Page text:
(Photo Credit: Andy Kropa)
For this former active alcoholic, Intervention (which ended its 13-season run in 2013) was the best show ever. Not because I identified with or cared about any of the fellow addicts I saw on the screen. Rather, it served as a wonderfully effective way to justify my drinking. I could point to those live-action bottom-hitters and say “Look, ma! They’re WAY worse than I am!“
This trick worked well, especially on my husband, who didn’t understand the disease and fell victim to every manipulative trick a drunk can play on a loved one. Once he even noted that I wasn’t nearly as bad as these people were and that my sister was going overboard when she insisted that my problem was serious. A sly grin spread across the face of the scheming, sauced-up Susan inside me. I had him. Tighten my grip.
Essentially, the reality show helped me legitimize my status as a “functioning alcoholic,” and when I purposely decided to become outwardly “dysfunctional” (my dad died, my intake doubled and I did little to hide it), I decided the best choice for rehab No. 2 was a facility I saw advertised during — you guessed it — Intervention.
The rehab was a totally legit institution but a) I wasn’t ready to stop drinking — I was just doing it to get my family off my back; b) I picked it out myself, dialing the 800 number at 2 a.m., swigging Svedka as I chatted about my intake with a lovely guy named, I believe, Bob (FYI: Every guy is named Bob when you’re drinking Svedka out of the bottle at 2 a.m.); and c) it was March and really, I just wanted to go to Florida.
Of course I lied to everyone about how I found the place (“my therapist recommends it highly!”). Meanwhile, I told my therapist (and the majority of my friends) that I was going on a 30-day yoga retreat. To this day, I still can’t believe I did that. Like it was nothing. Like it was true. In fact, I kind of believed that it was true. I mean, they did offer yoga classes at the rehab. Man, was I ill.
But by that point, all I cared about was getting a safe detox, getting some sun and getting AWAY. And hey, if Jeff VanVonderen brought people to this place, that was all the vetting I needed.
Our schedule was packed with classes about the psychological and physical aspects of the illness. It was like high school for drunks and dust heads. I even bought a notebook, a cute backpack and they gave us free pens![pullquote]Within five months, I was consuming copious amounts of vodka on a daily basis, hiding bottles in my closet, my dresser drawers — even in my shampoo bottles so I could sneak shots while I was in the shower.[/pullquote]
I liked being in a “learning” environment. However most of my ‘hab mates had no interest whatsoever. At 35, I was one of the oldest addicts there. Most of the people were kids, really, girls in their early 20s, sent to this place by their parents. They were more concerned about boys than quitting booze. We weren’t allowed to talk to the “men,” but behind the scenes there was lots of hooking up. “Dumpster sex,” they called it, since the small space behind the big dumpster that sat right by our rooms was the easiest place to rendezvous undetected. Ew, right? Ew!
Thankfully, I had no interest, and I spent my time with a small group of lovely women who were closer to my age. Still, rehab No. 2 didn’t take and that’s entirely my fault. Perhaps if I had asked “Bob” some real questions — like what the median age of the clientele was — I would have found a more suitable program for myself. But clearly that was not in the cards. However, I did meet some amazing adult women and learned a lot about the disease in general.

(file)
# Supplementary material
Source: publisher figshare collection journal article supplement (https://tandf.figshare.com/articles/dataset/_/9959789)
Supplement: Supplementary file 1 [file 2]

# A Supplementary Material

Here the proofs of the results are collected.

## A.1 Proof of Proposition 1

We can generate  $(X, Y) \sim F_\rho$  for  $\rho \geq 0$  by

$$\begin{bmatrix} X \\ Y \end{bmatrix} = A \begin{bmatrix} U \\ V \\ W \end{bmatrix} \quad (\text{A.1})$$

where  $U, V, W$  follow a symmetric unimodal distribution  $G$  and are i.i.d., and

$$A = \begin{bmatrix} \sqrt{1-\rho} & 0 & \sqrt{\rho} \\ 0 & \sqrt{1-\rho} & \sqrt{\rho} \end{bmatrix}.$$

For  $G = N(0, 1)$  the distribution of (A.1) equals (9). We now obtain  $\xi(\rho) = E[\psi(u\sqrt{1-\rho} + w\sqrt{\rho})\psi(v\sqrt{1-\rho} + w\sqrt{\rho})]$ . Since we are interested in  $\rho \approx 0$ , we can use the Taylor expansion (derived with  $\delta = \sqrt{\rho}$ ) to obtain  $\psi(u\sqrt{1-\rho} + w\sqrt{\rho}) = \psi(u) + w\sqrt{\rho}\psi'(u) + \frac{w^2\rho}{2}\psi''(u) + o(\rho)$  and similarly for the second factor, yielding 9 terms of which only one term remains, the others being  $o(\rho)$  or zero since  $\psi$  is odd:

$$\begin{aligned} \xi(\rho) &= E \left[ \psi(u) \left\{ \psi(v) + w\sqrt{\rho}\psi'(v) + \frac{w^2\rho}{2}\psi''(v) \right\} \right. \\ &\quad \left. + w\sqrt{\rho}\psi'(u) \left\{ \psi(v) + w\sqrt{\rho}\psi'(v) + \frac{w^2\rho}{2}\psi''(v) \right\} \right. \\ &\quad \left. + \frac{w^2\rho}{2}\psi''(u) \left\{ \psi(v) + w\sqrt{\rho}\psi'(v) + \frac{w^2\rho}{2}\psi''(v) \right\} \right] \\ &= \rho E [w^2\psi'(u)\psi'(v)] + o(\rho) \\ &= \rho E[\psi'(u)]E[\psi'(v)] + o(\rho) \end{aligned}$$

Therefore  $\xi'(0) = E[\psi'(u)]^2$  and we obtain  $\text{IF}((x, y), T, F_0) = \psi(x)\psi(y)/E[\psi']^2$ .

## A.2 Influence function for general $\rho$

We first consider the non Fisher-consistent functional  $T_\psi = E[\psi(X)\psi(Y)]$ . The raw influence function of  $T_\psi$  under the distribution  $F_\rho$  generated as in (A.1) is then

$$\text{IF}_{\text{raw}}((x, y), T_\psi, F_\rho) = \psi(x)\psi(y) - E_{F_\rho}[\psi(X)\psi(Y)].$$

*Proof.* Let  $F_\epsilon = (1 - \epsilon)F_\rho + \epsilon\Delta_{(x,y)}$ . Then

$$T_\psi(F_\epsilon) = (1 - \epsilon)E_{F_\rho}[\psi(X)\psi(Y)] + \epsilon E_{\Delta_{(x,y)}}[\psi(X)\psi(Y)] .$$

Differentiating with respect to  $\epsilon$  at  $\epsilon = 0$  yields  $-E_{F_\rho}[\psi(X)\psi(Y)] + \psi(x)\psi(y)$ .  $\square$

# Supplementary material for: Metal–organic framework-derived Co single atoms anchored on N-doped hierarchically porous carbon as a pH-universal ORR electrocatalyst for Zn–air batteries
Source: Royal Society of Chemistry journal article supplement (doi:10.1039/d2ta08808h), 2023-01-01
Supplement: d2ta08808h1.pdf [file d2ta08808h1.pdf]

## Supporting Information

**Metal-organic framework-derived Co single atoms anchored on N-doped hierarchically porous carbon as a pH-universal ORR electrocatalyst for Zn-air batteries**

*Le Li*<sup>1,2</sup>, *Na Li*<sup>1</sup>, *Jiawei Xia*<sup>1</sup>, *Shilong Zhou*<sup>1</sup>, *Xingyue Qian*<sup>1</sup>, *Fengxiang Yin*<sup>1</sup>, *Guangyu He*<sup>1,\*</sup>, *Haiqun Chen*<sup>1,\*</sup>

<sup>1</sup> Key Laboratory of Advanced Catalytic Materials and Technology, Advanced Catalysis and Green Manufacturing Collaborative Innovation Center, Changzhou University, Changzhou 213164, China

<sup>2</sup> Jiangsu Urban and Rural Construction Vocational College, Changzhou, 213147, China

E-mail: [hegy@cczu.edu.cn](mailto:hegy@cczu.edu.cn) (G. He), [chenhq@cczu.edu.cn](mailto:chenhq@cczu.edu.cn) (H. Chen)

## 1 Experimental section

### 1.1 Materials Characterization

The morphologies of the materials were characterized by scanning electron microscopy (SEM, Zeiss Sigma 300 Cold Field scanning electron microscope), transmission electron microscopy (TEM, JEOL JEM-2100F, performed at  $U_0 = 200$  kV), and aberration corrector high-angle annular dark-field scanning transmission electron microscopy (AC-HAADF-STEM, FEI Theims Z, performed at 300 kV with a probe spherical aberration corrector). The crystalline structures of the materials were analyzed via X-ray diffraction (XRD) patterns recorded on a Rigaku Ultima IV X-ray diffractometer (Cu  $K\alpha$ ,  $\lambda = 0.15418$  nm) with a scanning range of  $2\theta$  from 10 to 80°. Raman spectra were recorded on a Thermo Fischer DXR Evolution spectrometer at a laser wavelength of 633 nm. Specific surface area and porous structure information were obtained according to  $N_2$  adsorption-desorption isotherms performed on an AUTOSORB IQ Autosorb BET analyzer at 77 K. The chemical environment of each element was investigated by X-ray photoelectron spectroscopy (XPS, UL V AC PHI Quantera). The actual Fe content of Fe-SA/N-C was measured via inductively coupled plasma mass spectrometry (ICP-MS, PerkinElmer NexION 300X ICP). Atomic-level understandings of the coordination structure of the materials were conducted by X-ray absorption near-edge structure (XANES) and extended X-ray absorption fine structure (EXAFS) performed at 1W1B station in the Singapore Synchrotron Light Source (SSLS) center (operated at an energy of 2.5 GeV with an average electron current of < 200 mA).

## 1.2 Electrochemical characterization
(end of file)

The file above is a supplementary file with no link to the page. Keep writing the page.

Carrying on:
I learned, perhaps, the most important thing an alcoholic needs to know about this disease if they plan to get sober: That it’s progressive, so you can’t just take some time off and get your tolerance back. (Damn!) It will keep getting worse, each time you pick up again. I chose to ignore this piece of knowledge when I left rehab and eventually began drinking again, but this was the first time I actually heard it. It was the first time I felt a slight tightening in my stomach and a tinge of worry in my heart. And it was the first time that I felt a little bit afraid of my habit, but mostly of myself.
I brushed off my fears and worries and returned from my month-long stint looking healthy, feeling great and sporting a fresh, Florida tan. I went to two or three AA meetings, decided, again, this wasn’t for me, and that a glass of wine here and there — with the people that weren’t worried for me, of course — wouldn’t be a problem. I’d be very careful this time, and now that I knew all about alcoholism, I’d work diligently with the disease to make sure nothing went awry.
Turns out, not only is this a common alcoholic hope, it’s also as wrong as wrong can be.
“The idea that somehow, someday, he will control and enjoy his drinking is the great obsession of every alcoholic. The persistence of this illusion is astonishing. Many pursue it into the gates of insanity or death.”
So that big, blue book was right after all. Within five months, I was consuming copious amounts of vodka on a daily basis, hiding bottles in my closet, my dresser drawers — even in my shampoo bottles so I could sneak shots while I was in the shower.
And one night, sitting on my couch, alone in my apartment with a martini glass in hand, I found myself once again watching a very real Intervention. And I realized in a flash — I no longer looked very different from the subjects on that show. And when I really watched and listened, I felt quite a bit like them, too. But no. No, no, no. Not me. I can’t fail again. I can’t be that girl. So I promptly changed the channel and took another soothing swig of my liquid elixir.
I did not want to believe. I just wanted to escape.